Bouie argues that the United States has not let go of the assumption. That some people inherently deserve more power than others.
August 14, 2019, magazine issue
The first edition appeared in a 100-page issue of The New York Times Magazine on August 14, 2019.
- “America Wasn’t a Democracy Until Black Americans Made It One.” Essay by Nikole Hannah-Jones
- “American Capitalism Is Brutal. You Can Trace That to the Plantation”, essay by Matthew Desmond.
- “How False Beliefs in Physical Racial Difference Still Live in Medicine Today.” Essay by Linda Villarosa
- “What the Reactionary Politics of 2019 Owe to the Politics of Slavery”, essay by Jamelle Bouie
- “Why Is Everyone Always Stealing Black Music?”, essay by Wesley Morris
- “How Segregation Caused Your Traffic Jam,” essay by Kevin Kruse
- “Why Doesn’t America Have Universal Healthcare? One Word: Race”, essay by Jeneen Interlandi
- “Why American Prisons Owe Their Cruelty to Slavery,” essay by Bryan Stevenson
- “The Barbaric History of Sugar in America,” essay by Khalil Gibran Muhammad
- “How America’s Vast Racial Wealth Gap Grew: By Plunder,” essay by Trymaine Lee
- “Their Ancestors Were Enslaved by Law. Now They’re Lawyers”. Photo essay by Djeneba Aduayom, with text from Nikole Hannah-Jones and Wadzanai Mhute
“A New Literary Timeline of African American History”. A collection of original poems and stories.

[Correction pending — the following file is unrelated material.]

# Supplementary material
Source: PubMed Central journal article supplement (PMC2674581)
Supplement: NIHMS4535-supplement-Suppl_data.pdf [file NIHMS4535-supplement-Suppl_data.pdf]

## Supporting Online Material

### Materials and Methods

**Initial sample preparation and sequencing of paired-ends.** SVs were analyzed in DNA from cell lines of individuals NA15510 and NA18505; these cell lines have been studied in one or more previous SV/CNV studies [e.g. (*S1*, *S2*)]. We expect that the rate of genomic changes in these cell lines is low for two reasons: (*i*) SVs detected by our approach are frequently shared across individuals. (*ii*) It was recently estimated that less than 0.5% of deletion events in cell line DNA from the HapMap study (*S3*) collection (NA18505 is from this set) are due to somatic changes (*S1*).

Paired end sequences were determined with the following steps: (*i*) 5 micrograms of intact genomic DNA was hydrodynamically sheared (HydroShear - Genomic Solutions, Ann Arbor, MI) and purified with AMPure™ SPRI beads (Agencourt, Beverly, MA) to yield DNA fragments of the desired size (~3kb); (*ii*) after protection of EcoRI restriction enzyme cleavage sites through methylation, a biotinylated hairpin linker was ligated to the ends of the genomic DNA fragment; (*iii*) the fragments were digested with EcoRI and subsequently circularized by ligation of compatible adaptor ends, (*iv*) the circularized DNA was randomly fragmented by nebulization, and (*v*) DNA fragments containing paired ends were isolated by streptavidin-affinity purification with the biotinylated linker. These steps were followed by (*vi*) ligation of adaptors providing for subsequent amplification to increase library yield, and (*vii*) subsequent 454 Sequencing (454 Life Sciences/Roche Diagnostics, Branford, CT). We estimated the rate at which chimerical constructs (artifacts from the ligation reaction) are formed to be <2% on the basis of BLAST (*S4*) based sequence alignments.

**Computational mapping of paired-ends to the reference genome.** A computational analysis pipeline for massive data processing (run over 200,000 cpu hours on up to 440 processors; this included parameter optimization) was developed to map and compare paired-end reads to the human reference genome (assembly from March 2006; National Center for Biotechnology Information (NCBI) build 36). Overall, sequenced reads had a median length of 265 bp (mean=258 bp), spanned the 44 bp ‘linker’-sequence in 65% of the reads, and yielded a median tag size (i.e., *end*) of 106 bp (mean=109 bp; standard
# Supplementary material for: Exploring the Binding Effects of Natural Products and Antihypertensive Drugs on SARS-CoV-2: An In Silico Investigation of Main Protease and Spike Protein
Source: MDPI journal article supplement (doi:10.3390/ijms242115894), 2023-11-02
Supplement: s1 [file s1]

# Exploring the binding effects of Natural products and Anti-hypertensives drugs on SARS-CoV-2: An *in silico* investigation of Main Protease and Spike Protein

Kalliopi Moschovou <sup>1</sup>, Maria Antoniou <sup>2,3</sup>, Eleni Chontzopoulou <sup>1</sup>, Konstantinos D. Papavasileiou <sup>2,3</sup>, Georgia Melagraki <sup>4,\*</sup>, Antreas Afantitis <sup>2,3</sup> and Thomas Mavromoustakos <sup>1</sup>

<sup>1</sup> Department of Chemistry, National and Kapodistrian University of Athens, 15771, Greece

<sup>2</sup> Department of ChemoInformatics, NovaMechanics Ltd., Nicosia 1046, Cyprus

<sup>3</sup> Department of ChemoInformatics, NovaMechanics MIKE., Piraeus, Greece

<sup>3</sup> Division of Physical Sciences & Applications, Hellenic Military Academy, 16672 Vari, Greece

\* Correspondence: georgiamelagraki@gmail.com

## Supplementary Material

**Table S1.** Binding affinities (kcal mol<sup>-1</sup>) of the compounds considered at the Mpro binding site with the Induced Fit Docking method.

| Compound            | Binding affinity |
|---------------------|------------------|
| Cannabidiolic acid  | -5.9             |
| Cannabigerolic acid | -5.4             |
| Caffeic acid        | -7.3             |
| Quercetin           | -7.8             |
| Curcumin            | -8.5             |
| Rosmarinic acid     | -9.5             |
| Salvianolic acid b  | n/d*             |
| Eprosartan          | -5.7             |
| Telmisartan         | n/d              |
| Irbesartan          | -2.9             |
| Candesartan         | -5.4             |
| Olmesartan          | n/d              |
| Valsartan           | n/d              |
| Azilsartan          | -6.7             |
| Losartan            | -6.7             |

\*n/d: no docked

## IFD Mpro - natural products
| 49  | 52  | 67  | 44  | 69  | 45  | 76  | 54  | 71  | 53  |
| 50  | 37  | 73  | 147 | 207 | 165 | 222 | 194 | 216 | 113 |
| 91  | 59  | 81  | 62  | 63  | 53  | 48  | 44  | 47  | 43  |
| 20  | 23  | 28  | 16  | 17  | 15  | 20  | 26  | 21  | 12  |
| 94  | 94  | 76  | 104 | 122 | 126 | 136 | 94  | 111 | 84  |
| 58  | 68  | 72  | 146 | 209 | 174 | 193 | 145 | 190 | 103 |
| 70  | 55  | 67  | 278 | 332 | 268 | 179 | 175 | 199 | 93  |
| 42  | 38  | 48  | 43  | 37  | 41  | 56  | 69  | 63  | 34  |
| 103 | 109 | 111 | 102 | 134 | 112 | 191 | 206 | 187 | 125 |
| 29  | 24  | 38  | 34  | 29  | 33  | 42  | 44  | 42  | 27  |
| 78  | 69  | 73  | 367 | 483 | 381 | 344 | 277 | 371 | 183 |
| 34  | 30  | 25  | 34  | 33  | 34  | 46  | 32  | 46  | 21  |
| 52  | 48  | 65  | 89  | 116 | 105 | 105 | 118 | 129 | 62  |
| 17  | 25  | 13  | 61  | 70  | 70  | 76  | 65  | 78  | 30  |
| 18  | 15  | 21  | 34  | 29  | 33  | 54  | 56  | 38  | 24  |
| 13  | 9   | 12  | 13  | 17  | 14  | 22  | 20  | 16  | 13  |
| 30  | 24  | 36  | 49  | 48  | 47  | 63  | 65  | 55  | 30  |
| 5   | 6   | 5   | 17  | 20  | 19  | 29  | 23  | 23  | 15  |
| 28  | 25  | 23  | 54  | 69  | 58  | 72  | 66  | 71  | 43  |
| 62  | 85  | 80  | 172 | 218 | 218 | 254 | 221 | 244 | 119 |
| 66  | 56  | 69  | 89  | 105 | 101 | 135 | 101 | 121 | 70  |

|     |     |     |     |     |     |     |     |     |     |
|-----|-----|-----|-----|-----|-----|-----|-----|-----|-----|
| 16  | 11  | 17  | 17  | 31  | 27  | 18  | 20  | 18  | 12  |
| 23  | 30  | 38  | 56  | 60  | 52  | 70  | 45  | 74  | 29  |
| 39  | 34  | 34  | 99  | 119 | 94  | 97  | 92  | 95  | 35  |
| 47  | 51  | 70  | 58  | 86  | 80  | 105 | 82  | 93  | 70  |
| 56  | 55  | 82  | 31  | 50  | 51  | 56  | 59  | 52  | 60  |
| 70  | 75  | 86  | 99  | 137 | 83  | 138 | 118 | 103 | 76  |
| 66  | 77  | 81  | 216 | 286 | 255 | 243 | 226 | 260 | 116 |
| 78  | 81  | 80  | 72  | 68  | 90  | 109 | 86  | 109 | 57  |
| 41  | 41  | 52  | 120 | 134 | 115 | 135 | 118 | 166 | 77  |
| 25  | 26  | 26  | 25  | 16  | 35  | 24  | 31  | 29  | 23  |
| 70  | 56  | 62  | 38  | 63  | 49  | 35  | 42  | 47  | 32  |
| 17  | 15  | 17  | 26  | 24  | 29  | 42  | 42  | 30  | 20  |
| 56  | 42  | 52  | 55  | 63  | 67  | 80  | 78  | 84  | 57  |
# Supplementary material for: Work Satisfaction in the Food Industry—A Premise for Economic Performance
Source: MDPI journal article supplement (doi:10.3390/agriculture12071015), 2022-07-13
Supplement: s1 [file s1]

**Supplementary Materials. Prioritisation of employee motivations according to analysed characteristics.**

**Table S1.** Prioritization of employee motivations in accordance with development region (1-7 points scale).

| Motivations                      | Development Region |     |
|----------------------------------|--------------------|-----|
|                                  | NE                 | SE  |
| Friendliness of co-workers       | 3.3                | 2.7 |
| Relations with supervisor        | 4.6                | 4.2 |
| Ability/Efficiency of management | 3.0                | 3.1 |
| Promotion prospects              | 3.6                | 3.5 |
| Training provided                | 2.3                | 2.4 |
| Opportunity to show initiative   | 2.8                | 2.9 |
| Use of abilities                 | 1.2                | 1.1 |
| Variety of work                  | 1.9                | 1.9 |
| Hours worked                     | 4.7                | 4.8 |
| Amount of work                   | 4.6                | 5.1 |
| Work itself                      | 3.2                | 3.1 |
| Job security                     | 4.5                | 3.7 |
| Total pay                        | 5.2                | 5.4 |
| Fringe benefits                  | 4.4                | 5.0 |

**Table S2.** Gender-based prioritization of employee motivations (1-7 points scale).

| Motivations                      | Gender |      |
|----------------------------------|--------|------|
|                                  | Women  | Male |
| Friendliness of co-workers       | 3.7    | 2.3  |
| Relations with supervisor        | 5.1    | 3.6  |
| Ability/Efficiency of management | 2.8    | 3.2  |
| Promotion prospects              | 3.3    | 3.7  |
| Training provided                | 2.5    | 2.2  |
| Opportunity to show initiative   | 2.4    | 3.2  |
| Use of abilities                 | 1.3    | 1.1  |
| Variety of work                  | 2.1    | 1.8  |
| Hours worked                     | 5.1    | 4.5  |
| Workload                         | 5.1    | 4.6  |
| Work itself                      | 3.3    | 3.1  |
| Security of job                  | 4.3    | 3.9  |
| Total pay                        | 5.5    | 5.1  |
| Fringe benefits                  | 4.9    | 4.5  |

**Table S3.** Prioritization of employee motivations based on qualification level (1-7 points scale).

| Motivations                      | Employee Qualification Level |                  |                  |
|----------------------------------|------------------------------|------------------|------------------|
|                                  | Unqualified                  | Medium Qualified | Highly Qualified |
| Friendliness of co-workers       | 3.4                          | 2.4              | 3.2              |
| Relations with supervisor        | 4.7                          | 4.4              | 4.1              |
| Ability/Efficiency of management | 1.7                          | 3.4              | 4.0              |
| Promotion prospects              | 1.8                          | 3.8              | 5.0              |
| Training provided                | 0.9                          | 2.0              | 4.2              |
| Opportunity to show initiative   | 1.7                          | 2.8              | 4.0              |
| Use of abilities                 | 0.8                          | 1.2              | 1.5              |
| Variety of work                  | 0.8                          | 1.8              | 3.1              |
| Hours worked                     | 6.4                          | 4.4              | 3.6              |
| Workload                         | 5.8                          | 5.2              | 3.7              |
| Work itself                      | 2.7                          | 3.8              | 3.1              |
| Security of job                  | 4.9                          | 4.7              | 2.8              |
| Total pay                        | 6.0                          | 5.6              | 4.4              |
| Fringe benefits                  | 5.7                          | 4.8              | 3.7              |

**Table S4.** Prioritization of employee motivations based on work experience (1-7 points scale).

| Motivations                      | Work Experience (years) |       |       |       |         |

- Clint Smith on the Middle Passage
- Yusef Komunyakaa on Crispus Attucks
- Eve L. Ewing on Phillis Wheatley
- Reginald Dwayne Betts on the Fugitive Slave Act of 1793
- Barry Jenkins on Gabriel’s Rebellion
- Jesmyn Ward on the Act Prohibiting Importation of Slaves
- Tyehimba Jess on Black Seminoles
- Darryl Pinckney on the Emancipation Proclamation of 1863
- ZZ Packer on the New Orleans massacre of 1866
- Yaa Gyasi on the Tuskegee syphilis experiment
- Jacqueline Woodson on Sgt. Isaac Woodard
- Joshua Bennett on the Black Panther Party
- Lynn Nottage on the birth of hip-hop
- Kiese Laymon on the Rev. Jesse Jackson’s “rainbow coalition” speech
- Clint Smith on the Superdome after Hurricane Katrina
This fascinating conversation is among journalists, historians, poets, novelists, essayists, and photographers.
Lends a Technicolor depth to our American story. Opening a kaleidoscopic historical view. That leaves us to ponder voices and stories only now heard.
An exciting read, the 1619 Project responds to W.E.B DuBois’ once-asked question: “Nations reel and stagger on their way; they make hideous mistakes.
They commit frightful wrongs; they do great and beautiful things. And must we not best guide humanity by telling the truth about all this, as far as the truth is ascertainable?”
My Thoughts on The 1619 Project
I never understand the critics and those who are hell-bent on keeping the truth from the masses.
To watch generations of historians, go out of their way to tell only partial truths. It has been upsetting to witness.
I think that the 1619 Project matters to the history of this country. And it cannot be ignored.
It widens the historical lens. And to say otherwise. It would be gaslighting.
What are your thoughts on the 1619 Project: A New Origin? Leave them in the comments section.